That lesson and that implication could stand some scrutiny. Without it, the county could find itself with new titles and offices but the same problems it failed to solve a decade ago and a decade before that.

Just why, for example, were the special counsel and the Office of Independent Review inadequate? The citizens commission noted that both did their investigations and reports but both met with a “lack of meaningful or timely action” by the Sheriff’s Department. And why did the department not respond? Because it didn’t have to. Criticism and critiques were filed by both monitors with the Board of Supervisors, which too often failed to use the political power at its disposal to develop sufficient public pressure to get the sheriff to act.

Read on.


A COOK COUNTY, ILL, JUDGE SENTENCED A KID TO DIE IN PRISON IN 1988 AND HATED THAT THE LAW MADE HIM DO IT

The Chicago Tribune’s Duaa Eldeib and Steve Mills report about how judges are glad that the US Supreme Court ordered an end to mandatory life for kids. Now various state courts are stepping in to put the Supremes ruling into motion.

Here’s a clip:

The Cook County judge made it quite clear he did not want to sentence Gerald Rice to life in prison without possibility of parole.

At the sentencing hearing in 1988, Judge Richard Neville noted that Rice was mildly mentally disabled and that evidence showed the 16-year-old had been coaxed by an older man into throwing a Molotov cocktail into a West Side house on a summer night two years earlier, killing a woman and three children. The co-defendant was acquitted.

Neville criticized state legislators for tying his hands and making a life sentence mandatory. Doing so, he said, stripped him of his discretion. He could not weigh Rice’s age, maturity level, lack of a criminal record or his role in the murders. Urging Rice’s attorney to appeal, the judge said he hoped that such mandatory sentences would be outlawed someday.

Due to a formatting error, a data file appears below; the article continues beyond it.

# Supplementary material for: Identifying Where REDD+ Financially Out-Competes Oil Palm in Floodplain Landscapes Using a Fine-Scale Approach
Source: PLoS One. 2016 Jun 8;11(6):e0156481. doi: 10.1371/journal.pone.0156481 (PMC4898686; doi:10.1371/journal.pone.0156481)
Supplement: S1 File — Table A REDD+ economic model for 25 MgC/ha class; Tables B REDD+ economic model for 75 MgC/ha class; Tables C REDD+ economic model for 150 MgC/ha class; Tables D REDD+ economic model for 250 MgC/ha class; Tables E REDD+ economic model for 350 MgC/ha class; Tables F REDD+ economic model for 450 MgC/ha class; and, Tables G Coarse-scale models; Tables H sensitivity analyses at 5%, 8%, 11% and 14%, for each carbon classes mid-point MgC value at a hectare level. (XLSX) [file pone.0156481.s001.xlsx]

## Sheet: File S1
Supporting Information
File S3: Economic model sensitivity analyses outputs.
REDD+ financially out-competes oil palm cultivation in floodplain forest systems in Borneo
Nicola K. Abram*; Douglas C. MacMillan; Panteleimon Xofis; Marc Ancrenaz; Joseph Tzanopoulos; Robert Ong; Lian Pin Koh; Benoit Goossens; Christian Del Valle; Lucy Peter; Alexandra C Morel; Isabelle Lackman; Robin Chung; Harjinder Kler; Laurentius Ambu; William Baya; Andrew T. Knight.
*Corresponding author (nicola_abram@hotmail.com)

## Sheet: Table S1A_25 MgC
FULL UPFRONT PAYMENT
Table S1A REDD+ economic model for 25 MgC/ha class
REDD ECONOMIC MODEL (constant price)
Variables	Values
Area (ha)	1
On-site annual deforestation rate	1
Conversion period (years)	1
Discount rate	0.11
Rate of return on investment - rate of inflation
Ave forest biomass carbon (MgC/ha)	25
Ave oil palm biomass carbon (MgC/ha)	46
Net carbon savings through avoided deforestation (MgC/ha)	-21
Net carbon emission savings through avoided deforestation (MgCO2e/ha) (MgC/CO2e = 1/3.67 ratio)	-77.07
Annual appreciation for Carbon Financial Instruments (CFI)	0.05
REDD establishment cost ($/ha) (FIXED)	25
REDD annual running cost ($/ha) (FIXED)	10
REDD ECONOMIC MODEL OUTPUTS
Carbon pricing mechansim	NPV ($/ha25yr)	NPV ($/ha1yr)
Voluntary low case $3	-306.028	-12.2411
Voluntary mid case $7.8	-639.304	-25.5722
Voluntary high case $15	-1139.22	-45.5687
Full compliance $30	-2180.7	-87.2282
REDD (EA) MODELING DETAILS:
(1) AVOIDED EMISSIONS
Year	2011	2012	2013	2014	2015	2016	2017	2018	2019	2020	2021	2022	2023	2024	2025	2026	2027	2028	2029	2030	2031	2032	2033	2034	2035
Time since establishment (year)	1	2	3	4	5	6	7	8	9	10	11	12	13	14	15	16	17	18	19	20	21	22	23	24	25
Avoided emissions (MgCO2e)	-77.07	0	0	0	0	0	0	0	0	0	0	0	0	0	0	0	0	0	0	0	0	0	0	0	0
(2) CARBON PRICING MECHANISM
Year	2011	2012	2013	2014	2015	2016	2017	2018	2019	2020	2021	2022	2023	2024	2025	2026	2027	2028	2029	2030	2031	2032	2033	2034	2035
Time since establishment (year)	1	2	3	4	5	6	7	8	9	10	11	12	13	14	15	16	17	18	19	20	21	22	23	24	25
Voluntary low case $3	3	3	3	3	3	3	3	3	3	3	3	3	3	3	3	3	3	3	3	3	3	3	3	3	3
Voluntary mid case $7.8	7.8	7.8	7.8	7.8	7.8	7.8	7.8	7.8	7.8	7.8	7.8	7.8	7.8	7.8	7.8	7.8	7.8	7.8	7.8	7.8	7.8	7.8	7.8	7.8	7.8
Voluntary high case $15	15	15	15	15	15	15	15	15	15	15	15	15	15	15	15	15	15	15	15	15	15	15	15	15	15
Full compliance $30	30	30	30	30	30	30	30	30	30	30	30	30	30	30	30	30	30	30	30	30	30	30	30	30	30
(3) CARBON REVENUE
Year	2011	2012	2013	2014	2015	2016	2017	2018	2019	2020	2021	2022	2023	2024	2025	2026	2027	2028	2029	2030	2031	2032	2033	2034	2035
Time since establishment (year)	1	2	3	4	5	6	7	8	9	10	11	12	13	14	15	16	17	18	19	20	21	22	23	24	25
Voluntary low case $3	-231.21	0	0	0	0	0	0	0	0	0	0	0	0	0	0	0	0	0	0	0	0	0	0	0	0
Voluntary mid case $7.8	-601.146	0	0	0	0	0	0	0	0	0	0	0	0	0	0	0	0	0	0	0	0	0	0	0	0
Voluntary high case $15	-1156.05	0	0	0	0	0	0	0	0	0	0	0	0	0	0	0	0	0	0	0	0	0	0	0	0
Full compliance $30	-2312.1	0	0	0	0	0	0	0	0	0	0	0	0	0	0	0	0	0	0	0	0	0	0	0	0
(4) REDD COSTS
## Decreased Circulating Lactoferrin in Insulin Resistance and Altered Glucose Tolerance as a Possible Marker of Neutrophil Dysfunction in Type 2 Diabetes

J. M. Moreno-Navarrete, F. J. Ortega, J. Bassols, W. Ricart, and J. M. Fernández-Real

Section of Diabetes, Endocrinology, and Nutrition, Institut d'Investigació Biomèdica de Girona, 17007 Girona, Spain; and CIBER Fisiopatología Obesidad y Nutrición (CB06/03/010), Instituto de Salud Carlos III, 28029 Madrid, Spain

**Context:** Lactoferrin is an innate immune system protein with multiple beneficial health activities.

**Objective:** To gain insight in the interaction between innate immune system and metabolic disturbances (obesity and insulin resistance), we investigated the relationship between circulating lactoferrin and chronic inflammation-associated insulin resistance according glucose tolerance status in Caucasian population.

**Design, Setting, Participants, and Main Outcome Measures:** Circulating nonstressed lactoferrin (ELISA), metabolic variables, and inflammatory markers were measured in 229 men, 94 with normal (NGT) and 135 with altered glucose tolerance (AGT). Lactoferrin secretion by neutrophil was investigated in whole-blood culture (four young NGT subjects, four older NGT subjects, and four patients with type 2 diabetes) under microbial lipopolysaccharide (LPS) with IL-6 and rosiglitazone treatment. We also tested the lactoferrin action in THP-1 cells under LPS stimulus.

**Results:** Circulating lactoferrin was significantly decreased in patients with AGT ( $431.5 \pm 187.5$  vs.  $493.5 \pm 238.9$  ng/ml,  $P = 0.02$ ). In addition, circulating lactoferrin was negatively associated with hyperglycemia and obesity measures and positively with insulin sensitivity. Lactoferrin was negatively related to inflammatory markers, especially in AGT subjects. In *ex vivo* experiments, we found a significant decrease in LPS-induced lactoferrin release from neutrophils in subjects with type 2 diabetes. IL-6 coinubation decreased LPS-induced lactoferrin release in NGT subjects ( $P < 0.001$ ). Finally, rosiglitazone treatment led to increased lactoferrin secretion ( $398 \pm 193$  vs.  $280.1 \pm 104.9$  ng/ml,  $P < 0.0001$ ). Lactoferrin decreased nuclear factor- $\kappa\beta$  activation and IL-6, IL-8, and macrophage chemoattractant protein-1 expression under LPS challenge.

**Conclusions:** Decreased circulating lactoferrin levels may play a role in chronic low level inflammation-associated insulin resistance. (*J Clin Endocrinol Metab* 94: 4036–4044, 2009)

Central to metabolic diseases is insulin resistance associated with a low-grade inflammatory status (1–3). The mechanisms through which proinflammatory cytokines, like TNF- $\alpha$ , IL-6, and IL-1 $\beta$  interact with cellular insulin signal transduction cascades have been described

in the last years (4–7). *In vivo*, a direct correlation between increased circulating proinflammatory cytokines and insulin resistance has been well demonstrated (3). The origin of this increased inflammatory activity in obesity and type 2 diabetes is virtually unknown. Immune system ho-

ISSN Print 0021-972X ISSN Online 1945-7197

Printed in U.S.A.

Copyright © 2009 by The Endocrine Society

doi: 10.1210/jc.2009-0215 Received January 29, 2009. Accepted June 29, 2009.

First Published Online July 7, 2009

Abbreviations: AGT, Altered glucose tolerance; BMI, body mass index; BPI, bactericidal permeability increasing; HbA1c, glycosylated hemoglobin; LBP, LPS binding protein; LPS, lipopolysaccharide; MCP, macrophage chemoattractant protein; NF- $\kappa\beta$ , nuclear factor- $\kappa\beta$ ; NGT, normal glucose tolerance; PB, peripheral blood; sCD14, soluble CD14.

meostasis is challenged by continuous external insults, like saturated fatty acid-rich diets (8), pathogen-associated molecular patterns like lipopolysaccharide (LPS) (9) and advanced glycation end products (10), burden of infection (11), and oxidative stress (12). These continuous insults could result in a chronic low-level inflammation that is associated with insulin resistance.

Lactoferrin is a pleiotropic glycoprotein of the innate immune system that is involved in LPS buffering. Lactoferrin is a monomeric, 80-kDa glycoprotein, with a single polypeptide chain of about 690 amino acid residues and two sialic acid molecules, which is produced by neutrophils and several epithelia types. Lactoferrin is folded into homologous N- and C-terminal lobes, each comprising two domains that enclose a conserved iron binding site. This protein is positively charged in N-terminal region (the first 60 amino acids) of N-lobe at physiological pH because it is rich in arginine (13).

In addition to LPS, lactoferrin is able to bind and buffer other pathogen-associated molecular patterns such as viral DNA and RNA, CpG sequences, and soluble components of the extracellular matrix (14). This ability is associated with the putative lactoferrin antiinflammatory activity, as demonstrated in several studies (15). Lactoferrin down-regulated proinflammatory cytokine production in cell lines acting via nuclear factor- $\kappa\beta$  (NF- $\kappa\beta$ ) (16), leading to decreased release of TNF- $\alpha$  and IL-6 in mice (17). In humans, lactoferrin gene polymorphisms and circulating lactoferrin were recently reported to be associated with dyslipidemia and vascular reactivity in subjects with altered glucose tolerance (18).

“I think it is outrageous that I cannot take that into consideration in determining what an appropriate sentence is for Mr. Rice,” a transcript quoted Neville as saying about Rice’s fate compared with his co-defendant’s. “It is with total reluctance that I enter the sentence, and it is only because I believe I have no authority to do anything else that I enter this sentence.”

Nearly a quarter-century later, the U.S. Supreme Court fulfilled the judge’s hopes, ruling that mandatory life sentences violated the Eighth Amendment’s prohibition on cruel and unusual punishment. Last week the state’s highest court weighed in, ruling that inmates in Illinois who received mandatory life sentences for murders that they committed as juveniles should receive new sentencing hearings.

“It’s a judge’s job and usually they’re the best qualified to decide what kind of sentence is appropriate,” Neville said last week. “I’ve got the most information and the best view of what happened and of the defendant’s background.”

Neville retired from the bench in 1999 and now is a mediator.